• 107. More Cambridge Books @ www.CambridgeEbook.com88 What is the Nature of Social Phobia? Reliability: Agreeing about Features of the EntityWhereas the previous studies dealt with social phobia as an entity, thissection examines agreement about some of its salient features. Turner, Beidel, & Townsley (1992) focused on two featuresof social phobia: circumscribed performance anxiety (n ¼ 27) and fearof common social gatherings (n ¼ 61) in 88 social phobic subjects.Experienced clinicians using the ADIS-R obtained k ¼ 0.97 in agreeingon which feature characterized each patient. In Mannuzza, Schneier, Chapman, Liebowitz, Klein, & Fyer (1995b),the medical charts of 51 social phobic subjects (identified by the SADS-LA) seen in an anxiety clinic, were classified as generalized or specificsocial phobia by two clinicians in a discussion until consensus wasreached; agreement was at k ¼ 0.69. In Brown, Di Nardo, Lehman, & Campbell (2001b), in which 152individuals met criteria for social phobia either as the main or secondaryproblem, the agreement on the features of avoidance and fear wereboth r ¼ 0.86. In summary, both specific responses and typical constellationsof these were identified reliably, ranging from modest to very good.All-pervasive fears were identified more reliably; discrete features lessso. On the whole results are positive as manner of responding maybe expected to vary much more than the overall pattern of socialphobia, in reaction to situational and other factors. Criterion (empirical) Validity Concurrent ValidityThis perspective on validity seeks to establish whether the construct ofsocial phobia is systematically associated with certain factors (e.g. socio-demographic, psychological or biological) or behaviors. Association with Age of Onset and Sex Distribution Epide-miological rather than clinical studies are probably a better source forthis information on account of the representativeness of these samples oftheir community. Such a procedure allows us to identify the critical age-range rather then provide a specific figure. As the subjects in thesestudies were children, their parents were typically also interviewed.Social phobia, however, was identified on the basis of the interviewwith the child.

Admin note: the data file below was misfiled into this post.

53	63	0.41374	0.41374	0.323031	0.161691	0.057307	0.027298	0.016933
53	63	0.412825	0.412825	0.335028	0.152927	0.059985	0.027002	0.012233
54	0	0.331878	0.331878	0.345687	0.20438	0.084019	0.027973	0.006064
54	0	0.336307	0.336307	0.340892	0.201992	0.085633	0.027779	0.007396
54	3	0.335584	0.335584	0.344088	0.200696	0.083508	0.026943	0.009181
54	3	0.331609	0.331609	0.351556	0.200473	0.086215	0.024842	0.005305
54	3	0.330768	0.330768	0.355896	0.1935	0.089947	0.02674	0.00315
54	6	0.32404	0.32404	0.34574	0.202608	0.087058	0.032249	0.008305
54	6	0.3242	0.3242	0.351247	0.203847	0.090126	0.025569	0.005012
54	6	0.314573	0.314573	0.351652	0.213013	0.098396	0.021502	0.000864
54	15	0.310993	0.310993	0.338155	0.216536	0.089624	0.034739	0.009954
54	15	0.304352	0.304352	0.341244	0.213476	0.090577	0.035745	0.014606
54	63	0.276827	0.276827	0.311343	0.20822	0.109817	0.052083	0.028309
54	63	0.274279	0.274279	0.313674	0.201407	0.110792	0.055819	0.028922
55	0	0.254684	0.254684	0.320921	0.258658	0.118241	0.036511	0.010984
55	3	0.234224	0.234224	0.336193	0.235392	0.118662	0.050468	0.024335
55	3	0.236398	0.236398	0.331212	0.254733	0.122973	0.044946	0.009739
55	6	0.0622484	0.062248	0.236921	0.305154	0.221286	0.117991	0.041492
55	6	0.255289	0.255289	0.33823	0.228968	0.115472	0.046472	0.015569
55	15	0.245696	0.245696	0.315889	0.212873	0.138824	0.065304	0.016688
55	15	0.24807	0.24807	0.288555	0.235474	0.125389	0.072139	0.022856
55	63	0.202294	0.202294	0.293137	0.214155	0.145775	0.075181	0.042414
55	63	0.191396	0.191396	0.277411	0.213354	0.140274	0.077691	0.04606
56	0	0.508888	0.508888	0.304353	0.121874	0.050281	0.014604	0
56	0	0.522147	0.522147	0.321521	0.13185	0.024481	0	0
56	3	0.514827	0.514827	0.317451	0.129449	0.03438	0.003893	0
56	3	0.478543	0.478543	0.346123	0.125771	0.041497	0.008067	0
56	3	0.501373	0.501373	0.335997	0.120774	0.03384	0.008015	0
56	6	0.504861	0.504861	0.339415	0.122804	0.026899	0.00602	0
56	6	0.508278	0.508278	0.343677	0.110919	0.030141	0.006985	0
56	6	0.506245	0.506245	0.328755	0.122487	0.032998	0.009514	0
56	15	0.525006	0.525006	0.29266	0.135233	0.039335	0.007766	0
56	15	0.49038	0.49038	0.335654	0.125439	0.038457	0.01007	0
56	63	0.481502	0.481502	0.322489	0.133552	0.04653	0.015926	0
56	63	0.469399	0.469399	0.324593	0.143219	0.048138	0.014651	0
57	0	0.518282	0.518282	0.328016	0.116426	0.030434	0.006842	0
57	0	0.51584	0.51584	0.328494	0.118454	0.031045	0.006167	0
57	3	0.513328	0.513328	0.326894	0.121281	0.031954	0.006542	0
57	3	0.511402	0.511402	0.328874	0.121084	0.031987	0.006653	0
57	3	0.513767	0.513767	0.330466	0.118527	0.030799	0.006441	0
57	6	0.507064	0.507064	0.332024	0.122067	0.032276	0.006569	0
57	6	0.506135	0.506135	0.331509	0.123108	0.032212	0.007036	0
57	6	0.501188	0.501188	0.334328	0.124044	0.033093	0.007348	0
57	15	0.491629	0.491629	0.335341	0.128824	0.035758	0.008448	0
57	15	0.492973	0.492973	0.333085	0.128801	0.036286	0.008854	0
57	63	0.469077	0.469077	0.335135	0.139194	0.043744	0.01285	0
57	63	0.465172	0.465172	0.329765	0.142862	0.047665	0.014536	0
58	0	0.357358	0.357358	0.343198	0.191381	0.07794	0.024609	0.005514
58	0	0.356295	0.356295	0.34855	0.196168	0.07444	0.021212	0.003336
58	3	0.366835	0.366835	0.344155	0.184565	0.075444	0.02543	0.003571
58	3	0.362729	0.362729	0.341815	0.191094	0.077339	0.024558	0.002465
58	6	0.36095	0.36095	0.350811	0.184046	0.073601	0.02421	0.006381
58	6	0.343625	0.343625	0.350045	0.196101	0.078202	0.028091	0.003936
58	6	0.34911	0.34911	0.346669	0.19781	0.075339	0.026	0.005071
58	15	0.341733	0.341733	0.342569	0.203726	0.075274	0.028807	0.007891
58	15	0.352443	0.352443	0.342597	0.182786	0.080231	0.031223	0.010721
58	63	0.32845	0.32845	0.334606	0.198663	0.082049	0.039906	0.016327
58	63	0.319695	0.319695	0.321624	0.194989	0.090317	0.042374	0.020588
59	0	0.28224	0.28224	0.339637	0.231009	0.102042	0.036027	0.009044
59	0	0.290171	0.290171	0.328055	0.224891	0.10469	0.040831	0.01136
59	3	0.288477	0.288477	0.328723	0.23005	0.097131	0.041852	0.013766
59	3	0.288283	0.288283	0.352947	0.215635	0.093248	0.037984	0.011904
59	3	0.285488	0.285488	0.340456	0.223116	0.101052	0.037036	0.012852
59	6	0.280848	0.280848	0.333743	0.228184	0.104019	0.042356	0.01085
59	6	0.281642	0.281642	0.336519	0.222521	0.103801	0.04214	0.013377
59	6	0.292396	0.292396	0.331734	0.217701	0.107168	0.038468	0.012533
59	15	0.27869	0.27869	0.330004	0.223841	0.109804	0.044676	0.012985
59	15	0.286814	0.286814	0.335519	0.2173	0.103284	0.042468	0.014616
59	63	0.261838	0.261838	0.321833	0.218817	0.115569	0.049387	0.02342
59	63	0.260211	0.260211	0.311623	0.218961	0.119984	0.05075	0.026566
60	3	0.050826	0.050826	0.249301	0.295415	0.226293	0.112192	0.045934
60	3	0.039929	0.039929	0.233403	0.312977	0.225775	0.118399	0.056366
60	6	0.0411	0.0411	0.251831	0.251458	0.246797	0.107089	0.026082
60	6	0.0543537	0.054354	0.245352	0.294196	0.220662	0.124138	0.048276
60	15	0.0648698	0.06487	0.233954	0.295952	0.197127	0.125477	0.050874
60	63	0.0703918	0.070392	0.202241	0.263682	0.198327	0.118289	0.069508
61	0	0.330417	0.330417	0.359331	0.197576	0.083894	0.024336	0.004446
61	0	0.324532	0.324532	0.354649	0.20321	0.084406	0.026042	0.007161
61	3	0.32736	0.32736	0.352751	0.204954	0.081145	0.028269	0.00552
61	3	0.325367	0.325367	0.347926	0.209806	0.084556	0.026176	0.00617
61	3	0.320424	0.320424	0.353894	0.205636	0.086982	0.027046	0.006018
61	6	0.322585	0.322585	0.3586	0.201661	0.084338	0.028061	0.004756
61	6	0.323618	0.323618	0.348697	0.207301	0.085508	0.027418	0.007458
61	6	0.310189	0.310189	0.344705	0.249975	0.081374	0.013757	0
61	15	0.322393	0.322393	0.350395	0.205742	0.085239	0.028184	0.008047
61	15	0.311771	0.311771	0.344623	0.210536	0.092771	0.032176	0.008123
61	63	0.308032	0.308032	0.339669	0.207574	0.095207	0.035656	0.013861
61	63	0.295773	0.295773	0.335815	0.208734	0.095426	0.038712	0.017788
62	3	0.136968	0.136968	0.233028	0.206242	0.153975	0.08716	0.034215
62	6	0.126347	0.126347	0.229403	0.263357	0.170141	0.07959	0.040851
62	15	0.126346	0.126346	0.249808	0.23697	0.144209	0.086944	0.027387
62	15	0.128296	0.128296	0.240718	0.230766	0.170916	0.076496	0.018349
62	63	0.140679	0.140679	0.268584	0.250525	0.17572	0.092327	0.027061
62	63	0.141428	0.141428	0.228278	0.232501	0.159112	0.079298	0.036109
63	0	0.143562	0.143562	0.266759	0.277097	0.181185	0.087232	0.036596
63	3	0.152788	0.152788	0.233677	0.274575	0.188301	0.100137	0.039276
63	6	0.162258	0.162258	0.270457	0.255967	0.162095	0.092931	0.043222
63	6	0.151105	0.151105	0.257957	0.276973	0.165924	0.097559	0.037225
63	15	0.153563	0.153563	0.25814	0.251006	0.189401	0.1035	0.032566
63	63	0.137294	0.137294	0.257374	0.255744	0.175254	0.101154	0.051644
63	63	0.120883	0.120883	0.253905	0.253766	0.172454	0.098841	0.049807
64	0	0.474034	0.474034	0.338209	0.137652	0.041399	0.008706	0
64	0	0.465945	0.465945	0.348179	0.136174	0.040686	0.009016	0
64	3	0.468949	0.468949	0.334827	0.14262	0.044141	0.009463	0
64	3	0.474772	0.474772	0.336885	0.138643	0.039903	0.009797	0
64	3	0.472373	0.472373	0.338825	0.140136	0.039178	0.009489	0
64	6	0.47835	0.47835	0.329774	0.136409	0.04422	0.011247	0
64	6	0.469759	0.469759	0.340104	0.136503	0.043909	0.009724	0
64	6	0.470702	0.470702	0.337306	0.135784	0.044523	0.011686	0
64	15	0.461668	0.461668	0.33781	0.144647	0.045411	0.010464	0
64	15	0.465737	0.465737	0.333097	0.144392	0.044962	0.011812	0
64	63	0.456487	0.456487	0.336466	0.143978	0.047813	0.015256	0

• 108. More Cambridge Books @ www.CambridgeEbook.com Social Phobia as a Hypothetical Construct 89 The rate of prevalence of social phobia among children betweenthe ages of 7 to 11 was at about 1% in Pittsburgh, USA (Benjamin,Costello, & Warren, 1990); it was still 1.1% in a sample of 15 year oldsin Dunedin, New Zealand (McGee, Feehan, Williams, Partridge, Silva,& Kelly, 1990). The rate rose to 3.7% among 13 to 18 year olds inRotterdam, Holland and was fully 11.6% among 18 year olds fromthe northeastern USA (Reinherz, Giaconia, Lefkowitz, Pakiz, & Frost,1993). From that age on, no apparent increases in prevalence werereported. The critical period for onset of social phobia is thereforelikely to be between the ages of 15 to 18. This is compatible with reportsof patients seeking treatment (e.g. average age of onset was 14.4 inGoisman, Goldenberg, Vasile, & Keller, 1995). It is well to remember,however, that a meaningful percentage of subjects report that they ‘‘were ´always that way’’ (e.g. 14% in Lepine & Lellouch, 1995). An approximately equal distribution of sexes is a feature of socialphobia throughout (e.g. Turk, Heimberg, Orsillo, Holt, Gitow, Street,Schneier, & Liebowitz, 1998); this is already apparent in surveys ofchildren. Some similarities are also found in demographic and clinical features.Men and women (n ¼ 212) in Turk et al. (1998) were similar in terms ofage, marital status and educational attainment. Duration of socialphobia as well as other associated problems was also similar as wereself-reported anxiety ratings to numerous social situations. Some differ-ences were noted: men reported higher anxiety levels for urinating inpublic and returning goods to a store. Women, by contrast, rated signif-icantly higher situations such as working while being observed, talking topersons in positions of authority and being the center of attention. In summary, social phobia is associated with a distinctive age-range ofonset and equal sex distribution. Association with Demographic Factors Some studies allow us totrace the correspondence between the construct of social phobia andcertain demographic factors and features of development. Davidson, Hughes, George, & Blazer (1993a) studied a subset ofthe ECA sample (N ¼ 1,488) divided in 3 groups: social phobic indi-viduals (n ¼ 123), those who met criteria for social phobia but were notdistressed (n ¼ 248), and control subjects. No differences in terms ofdemographic characteristics were found between the two social phobicgroups. When lumped together, they tended to be less frequentlymarried and employed and had fewer years of education than the controlgroup. Fewer also reported having a close friend. Unfortunately, the